Wednesday, March 10, 2010

Being Threatened

How many of you have a job where you could, at times, be physically or verbally abused? And threatened? And pushed beyond your limits of self-dignity?

Welcome to the ER.

Anyone who has ever worked in an emergency department or a trauma center has a story to tell about being threatened. It's not a good feeling and, in fact, is something that one can carry with them long after the event, dwelling on their minds and weighing down their hearts. We all, I think, have a little part of our self-worth damaged at times like that. And even though you did nothing wrong, you still ask yourself repeatedly "What did I do to deserve this?" or "Could I have done something different?" Nine times out of ten, that answer would be "no." But that crazy thing called guilt can flip the coin and make you feel like you were responsible.

For example, when an alcoholic or druggie comes in and threatens to "beat the shit out of you" or "find out where you live and come carve you up," it's par-for-the-course, something we have all been trained to deal with. We are asked to look beyond the abuse and realize that it's "not the patient talking" but, rather, the drugs and alcohol. Yeah, okay. For the most part, I can buy that. But we all have limits, and it takes tremendous professionalism and restraint to continue treating that patient. And of course, we always do.

Likewise, if a psychiatric patient presents during a crisis, a break from reality, they may lose the ability to discern between what is normal, accepted behavior and what is harmful, threatening behavior. And again, the ER staff is usually on the receiving end of their irrational actions or words. Recently, a schizophrenic patient sprayed us with her saliva while glaring at us with her distant, disconnected eyes, spatting away and trying to bite or hit anyone near her. Even after a face-mask was placed, she still managed to hurl some extremely hurtful, vulgar comments at our staff, particularly at a medical student who had some acne issues and a female guard who was not a size 8. One of our nurses ended up with a bruise.

Hell, about ten years ago, I even had a psychiatric patient tell me that he was going to find out where I lived and "take you out." I hadn't been the first doctor and I'm sure I wasn't the last that he threatened but, trust me, you don't sleep well after something like that.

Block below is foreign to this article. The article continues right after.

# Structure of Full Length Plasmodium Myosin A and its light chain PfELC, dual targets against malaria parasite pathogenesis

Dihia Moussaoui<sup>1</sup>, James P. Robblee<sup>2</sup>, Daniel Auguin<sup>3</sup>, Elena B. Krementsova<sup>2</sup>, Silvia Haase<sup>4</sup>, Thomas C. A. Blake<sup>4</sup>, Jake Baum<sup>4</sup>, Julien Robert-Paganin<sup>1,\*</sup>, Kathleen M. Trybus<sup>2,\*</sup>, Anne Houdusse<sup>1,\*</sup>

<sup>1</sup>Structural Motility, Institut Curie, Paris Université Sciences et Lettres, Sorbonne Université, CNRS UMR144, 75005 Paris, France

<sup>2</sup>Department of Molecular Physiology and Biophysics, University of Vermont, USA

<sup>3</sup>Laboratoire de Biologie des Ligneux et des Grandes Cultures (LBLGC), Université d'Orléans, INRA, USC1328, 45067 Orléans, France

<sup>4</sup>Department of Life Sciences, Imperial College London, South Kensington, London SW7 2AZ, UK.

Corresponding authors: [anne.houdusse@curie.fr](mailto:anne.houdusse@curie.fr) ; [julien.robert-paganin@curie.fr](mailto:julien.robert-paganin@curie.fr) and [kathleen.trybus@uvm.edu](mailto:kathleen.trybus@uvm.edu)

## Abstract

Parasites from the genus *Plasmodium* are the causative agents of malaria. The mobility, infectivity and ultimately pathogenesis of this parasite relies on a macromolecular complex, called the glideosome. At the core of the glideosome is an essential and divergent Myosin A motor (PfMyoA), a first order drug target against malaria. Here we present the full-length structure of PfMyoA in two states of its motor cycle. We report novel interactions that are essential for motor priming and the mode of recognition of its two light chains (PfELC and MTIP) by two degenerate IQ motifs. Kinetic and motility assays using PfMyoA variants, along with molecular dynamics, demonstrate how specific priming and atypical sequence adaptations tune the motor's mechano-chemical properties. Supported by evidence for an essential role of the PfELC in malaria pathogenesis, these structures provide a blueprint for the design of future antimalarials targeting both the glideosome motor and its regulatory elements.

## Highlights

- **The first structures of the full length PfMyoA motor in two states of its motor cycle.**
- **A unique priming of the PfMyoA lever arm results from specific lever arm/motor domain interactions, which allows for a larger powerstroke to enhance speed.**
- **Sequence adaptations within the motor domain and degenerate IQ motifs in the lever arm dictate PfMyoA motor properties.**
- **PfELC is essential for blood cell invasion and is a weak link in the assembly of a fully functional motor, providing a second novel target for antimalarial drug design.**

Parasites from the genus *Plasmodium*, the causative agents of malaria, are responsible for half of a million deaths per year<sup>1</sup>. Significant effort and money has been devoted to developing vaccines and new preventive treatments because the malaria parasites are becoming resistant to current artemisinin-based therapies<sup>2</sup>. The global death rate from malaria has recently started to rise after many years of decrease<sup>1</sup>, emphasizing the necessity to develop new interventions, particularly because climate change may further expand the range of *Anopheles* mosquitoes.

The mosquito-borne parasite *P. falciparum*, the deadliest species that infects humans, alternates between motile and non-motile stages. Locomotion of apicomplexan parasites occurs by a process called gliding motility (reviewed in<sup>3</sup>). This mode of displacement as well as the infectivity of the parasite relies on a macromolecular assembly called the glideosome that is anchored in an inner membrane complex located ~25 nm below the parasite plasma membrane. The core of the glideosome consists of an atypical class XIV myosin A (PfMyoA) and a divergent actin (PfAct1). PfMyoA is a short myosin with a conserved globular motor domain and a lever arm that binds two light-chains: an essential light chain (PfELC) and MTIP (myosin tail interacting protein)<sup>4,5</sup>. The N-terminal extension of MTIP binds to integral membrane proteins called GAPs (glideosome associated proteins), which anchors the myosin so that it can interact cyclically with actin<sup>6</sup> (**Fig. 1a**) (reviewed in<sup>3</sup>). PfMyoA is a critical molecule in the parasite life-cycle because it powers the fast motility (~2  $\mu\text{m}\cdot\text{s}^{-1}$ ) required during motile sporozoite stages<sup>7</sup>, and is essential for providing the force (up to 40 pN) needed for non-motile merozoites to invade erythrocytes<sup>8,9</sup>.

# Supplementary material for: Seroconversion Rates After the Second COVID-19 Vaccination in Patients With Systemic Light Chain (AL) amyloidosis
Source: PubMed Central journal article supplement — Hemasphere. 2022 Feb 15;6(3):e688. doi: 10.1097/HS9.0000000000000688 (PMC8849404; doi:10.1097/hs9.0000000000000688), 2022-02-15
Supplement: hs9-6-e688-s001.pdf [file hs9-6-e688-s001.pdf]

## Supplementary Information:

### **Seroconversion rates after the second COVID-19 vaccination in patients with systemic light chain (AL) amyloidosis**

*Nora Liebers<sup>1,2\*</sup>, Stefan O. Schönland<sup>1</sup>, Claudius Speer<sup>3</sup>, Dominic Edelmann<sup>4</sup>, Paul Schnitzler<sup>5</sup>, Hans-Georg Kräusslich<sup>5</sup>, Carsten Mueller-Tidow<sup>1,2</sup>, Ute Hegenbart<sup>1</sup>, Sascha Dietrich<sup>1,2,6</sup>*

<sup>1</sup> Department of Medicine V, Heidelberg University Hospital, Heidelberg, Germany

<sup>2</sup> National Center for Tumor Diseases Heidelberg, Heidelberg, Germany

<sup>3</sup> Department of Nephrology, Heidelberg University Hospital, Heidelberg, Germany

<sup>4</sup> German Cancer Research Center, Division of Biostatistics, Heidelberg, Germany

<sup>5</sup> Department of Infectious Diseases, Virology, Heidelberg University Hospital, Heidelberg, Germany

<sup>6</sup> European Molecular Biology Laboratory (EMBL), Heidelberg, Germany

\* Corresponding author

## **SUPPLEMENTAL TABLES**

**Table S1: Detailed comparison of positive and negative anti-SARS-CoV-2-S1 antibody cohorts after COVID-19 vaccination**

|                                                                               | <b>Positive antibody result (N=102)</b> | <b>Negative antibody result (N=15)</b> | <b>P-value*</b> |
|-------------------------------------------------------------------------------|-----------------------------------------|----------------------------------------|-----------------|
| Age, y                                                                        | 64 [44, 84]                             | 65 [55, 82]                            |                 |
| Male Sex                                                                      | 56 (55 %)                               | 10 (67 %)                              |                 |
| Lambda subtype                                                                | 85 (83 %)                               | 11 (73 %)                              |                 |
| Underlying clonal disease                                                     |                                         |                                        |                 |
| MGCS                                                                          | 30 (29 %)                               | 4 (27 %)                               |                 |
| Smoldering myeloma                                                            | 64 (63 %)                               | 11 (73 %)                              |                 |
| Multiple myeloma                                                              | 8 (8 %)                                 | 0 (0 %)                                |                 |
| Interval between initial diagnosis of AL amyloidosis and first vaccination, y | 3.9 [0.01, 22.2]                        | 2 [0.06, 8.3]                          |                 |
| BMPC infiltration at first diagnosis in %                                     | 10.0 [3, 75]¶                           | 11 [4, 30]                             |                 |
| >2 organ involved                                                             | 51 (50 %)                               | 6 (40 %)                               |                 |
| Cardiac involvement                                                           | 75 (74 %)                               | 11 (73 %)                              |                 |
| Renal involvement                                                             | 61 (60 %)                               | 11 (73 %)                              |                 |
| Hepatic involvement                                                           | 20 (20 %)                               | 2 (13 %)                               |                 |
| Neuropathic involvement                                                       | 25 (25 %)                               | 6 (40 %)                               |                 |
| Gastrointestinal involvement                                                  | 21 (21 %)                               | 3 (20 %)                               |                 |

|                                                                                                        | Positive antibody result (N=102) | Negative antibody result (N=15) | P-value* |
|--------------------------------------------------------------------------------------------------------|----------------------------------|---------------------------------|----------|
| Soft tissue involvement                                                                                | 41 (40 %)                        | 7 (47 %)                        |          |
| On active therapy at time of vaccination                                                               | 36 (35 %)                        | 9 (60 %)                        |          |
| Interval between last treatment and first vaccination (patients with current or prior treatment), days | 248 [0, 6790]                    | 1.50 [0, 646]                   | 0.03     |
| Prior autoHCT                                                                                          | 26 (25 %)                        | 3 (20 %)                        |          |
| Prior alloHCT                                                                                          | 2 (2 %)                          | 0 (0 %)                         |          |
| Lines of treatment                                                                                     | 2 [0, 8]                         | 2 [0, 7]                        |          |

We accept these words and these blows, these mean-spirited, personal insults delivered with flailing arms and legs, because we signed-up for our jobs in the ER. But, we are still human, and there are days when this type of threatening or abusive patient is harder to accept and deal with.

The hardest part, though, isn't the expected threats, such as from the above patients. Rather, it's the unexpected threats from the sane-appearing patient who decides to take out all of his frustrations on the ER staff. For this reason, I rarely let a patient get between me and the treatment-room doorway.

A while back, I signed on to treat a twentyish male who had waited for about two hours for a complaint of one week of cough and cold symptoms, exacerbating his asthma. He continued to smoke despite feeling that his symptoms were getting worse, per the nursing triage note.

As I walked down our brightly-lit corridor, towards his room, I exhaled a deep, thankful breath, happy to have my last patient survive her stroke. Unknowingly, though, I was walking towards a room of rage.

I pushed the curtain to the side and walked into the room, all while extending my hand to introduce myself. Lying on a cot in the dimly-lit treatment room, watching the small TV in the upper corner, was a young man who looked very pissed-off. He may have weighed 130 lbs. wet, 5'7" or so. After I entered, he shifted his glaring eyes onto me.

"Hello," I started, "I'm Doc..." Unfortunately, I didn't get to finish. In a flash, this patient had jumped off his cot and towards me, his arm cocked-back and his fist balled. He stopped a few feet in front of me.

"I had to wait almost three hours for you to get your ass in here. Can't you see I can't breathe?" He yelled in full sentences, no distress evident. By triage notes, he was stable and had had an excellent oxygen reading. There was no mention of this patient being unreasonable, although I later learned that security had to approach him in the waiting room to calm down. He continued. "You motherf...ers are treating everybody but me."